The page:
Unbeknownst to him, however, was the fact that the veteran Vadico, a longtime collaborator with the tubercular Noel Rosa and an old hand at songwriting, had recently turned down Vinicius’ request to provide him with the music for his still scoreless play.
Not expecting much in the way of progress after the proposed tête-à-tête meeting with Vadico fell through, Vinicius, for his part, spent most of his getting-to-know-you session with Tom summarizing Orfeu‘s plot and story line to the visibly incurious composer.
Jobim, no doubt worried about his financial future, risked adding insult to injury by his justly famous inquiry, “Tem um dinheirinho nisso?” – “Is there any money in it?” (A slight variation of which is often given as “Is there any money involved with this story?”)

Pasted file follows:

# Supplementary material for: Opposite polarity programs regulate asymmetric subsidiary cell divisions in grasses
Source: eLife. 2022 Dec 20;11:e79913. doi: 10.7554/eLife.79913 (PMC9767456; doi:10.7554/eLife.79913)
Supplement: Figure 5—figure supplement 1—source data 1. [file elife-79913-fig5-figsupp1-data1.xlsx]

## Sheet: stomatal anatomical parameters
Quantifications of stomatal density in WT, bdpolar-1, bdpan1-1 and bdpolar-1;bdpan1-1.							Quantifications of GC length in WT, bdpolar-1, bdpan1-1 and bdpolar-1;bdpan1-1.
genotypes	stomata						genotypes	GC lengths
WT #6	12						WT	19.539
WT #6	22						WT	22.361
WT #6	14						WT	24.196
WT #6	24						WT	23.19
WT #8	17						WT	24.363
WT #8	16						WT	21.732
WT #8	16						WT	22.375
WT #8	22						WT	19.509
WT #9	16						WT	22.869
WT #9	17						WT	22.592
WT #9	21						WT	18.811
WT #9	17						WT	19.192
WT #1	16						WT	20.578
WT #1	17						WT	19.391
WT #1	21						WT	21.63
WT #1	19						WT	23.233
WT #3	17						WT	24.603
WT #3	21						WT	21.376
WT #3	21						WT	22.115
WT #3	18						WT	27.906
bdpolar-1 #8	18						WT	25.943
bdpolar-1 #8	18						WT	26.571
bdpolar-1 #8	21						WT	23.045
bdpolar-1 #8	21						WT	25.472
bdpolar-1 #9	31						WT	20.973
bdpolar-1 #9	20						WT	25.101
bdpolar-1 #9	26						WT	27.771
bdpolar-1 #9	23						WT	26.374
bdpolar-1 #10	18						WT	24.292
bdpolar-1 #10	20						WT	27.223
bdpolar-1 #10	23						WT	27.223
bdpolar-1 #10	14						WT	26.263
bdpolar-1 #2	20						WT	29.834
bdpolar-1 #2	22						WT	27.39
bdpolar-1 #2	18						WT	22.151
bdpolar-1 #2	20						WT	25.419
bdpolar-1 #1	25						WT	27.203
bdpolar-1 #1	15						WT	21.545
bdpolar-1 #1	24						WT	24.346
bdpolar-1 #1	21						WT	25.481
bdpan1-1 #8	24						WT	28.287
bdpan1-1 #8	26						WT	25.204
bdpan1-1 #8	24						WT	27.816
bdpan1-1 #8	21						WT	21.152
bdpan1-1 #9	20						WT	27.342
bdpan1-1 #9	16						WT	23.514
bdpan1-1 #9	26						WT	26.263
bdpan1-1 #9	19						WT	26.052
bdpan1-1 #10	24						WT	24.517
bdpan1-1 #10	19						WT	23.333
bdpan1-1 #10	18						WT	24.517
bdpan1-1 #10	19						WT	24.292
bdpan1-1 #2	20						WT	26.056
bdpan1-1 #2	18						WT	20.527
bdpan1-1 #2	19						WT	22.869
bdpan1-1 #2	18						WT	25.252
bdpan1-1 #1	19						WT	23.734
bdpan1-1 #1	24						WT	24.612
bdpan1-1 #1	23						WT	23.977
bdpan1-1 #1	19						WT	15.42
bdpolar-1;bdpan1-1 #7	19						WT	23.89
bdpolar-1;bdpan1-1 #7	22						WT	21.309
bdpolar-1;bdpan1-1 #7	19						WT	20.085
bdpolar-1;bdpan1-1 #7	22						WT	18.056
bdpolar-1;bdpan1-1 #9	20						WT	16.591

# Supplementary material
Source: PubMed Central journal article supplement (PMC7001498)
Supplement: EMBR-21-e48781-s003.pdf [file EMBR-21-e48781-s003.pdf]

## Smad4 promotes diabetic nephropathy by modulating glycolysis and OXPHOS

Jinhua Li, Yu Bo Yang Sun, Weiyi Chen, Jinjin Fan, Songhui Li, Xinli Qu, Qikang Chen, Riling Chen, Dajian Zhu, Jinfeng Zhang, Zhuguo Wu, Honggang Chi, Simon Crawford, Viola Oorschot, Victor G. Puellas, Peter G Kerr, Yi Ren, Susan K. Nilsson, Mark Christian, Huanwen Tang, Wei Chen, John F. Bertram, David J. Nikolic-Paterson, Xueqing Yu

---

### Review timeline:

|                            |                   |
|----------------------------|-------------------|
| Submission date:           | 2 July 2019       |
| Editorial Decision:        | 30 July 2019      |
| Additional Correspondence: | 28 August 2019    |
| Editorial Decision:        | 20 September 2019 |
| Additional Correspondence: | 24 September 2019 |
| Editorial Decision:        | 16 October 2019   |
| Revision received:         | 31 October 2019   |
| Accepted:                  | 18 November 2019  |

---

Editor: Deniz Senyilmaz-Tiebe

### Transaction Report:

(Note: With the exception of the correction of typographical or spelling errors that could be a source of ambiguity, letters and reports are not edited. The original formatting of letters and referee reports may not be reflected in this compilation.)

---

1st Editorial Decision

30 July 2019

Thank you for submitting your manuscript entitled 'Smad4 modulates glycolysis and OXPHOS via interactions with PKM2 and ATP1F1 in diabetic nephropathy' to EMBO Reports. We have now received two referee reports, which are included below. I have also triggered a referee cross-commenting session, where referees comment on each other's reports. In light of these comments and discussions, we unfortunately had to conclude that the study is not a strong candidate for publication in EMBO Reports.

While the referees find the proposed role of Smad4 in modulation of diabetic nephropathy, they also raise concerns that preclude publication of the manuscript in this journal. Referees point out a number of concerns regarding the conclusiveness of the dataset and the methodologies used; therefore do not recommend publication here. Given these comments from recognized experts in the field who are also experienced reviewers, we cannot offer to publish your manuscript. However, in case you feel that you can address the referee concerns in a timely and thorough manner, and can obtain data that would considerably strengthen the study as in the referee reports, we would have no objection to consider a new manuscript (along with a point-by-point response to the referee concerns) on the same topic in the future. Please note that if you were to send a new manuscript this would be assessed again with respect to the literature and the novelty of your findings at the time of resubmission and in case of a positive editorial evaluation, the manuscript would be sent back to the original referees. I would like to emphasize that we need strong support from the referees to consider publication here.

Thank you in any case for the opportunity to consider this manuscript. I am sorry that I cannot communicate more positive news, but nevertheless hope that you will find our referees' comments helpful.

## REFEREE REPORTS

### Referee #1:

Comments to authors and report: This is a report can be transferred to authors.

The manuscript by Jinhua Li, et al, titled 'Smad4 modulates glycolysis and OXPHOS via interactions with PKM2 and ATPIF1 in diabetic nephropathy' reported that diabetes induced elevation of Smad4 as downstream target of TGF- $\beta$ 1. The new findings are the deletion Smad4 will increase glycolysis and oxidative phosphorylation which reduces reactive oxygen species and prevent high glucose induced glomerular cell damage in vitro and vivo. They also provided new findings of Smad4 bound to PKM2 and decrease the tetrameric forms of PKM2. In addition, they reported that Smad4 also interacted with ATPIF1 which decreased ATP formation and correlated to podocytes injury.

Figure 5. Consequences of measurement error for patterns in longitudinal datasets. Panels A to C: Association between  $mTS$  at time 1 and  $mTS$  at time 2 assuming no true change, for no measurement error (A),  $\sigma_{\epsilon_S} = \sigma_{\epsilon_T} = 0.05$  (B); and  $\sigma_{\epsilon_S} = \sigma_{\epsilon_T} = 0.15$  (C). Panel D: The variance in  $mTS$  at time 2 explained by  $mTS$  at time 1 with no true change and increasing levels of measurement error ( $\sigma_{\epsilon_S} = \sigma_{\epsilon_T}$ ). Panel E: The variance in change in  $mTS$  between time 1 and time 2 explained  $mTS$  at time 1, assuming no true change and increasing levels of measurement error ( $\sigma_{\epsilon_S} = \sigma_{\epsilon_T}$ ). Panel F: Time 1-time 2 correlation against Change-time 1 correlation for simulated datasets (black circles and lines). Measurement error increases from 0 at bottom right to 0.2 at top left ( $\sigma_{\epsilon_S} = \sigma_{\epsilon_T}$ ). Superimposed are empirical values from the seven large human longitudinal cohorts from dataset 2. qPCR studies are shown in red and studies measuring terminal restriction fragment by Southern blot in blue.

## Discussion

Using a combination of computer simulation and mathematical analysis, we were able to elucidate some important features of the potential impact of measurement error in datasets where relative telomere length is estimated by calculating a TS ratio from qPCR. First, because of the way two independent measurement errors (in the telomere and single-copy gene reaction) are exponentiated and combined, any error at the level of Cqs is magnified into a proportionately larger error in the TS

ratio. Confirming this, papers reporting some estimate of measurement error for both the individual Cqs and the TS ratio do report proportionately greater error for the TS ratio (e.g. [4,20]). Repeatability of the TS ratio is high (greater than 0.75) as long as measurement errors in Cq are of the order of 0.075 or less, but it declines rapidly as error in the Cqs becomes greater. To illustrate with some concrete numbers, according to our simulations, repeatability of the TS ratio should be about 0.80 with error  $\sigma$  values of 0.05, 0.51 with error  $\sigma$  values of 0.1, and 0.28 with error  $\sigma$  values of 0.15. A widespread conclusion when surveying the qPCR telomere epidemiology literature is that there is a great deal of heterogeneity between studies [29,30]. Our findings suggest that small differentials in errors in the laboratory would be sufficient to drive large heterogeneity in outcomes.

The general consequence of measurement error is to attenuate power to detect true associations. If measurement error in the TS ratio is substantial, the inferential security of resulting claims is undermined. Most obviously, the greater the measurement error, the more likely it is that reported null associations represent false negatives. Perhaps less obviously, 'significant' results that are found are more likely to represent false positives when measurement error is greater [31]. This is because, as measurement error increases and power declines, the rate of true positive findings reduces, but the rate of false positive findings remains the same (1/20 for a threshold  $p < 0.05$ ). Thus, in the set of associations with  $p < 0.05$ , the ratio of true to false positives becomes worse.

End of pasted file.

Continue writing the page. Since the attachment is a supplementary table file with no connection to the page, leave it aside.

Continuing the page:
Numbed at this tantalizing yet disingenuous remark, Rangel stared blankly at Jobim for a moment, then responded with a quotable line of his own: “But Tom, how can you bring money up to the poet at a time like this?” (Or something to that effect.)
How could he, indeed, but that’s exactly what Jobim did – and he had a good laugh about it later, too, when recalling the incident for reporters.
After a few more rounds of back-and-forth bargaining, to include copious amounts of liquid “persuasion,” an agreement was finally struck and a long-running partnership formed. For the next several weeks, the newly cemented working outfit would barricade itself in Tom’s Ipanema stronghold until the musical portion of their program was over – thanks again to liberal helpings of native-Brazilian brew (!).